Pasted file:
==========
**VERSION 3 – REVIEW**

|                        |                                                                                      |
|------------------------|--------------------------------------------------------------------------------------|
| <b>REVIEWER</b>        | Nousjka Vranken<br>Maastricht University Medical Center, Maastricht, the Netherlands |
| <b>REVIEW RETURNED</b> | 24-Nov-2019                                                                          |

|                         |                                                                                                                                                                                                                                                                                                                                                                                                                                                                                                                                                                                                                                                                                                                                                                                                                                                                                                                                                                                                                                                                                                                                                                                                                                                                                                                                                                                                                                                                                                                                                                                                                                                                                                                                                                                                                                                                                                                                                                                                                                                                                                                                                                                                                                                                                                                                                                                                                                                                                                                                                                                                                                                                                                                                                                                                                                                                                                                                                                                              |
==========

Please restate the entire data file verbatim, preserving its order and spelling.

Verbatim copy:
**VERSION 3 – REVIEW**

|                        |                                                                                      |
|------------------------|--------------------------------------------------------------------------------------|
| <b>REVIEWER</b>        | Nousjka Vranken<br>Maastricht University Medical Center, Maastricht, the Netherlands |
| <b>REVIEW RETURNED</b> | 24-Nov-2019                                                                          |

|                         |                                                                                                                                                                                                                                                                                                                                                                                                                                                                                                                                                                                                                                                                                                                                                                                                                                                                                                                                                                                                                                                                                                                                                                                                                                                                                                                                                                                                                                                                                                                                                                                                                                                                                                                                                                                                                                                                                                                                                                                                                                                                                                                                                                                                                                                                                                                                                                                                                                                                                                                                                                                                                                                                                                                                                                                                                                                                                                                                                                                              |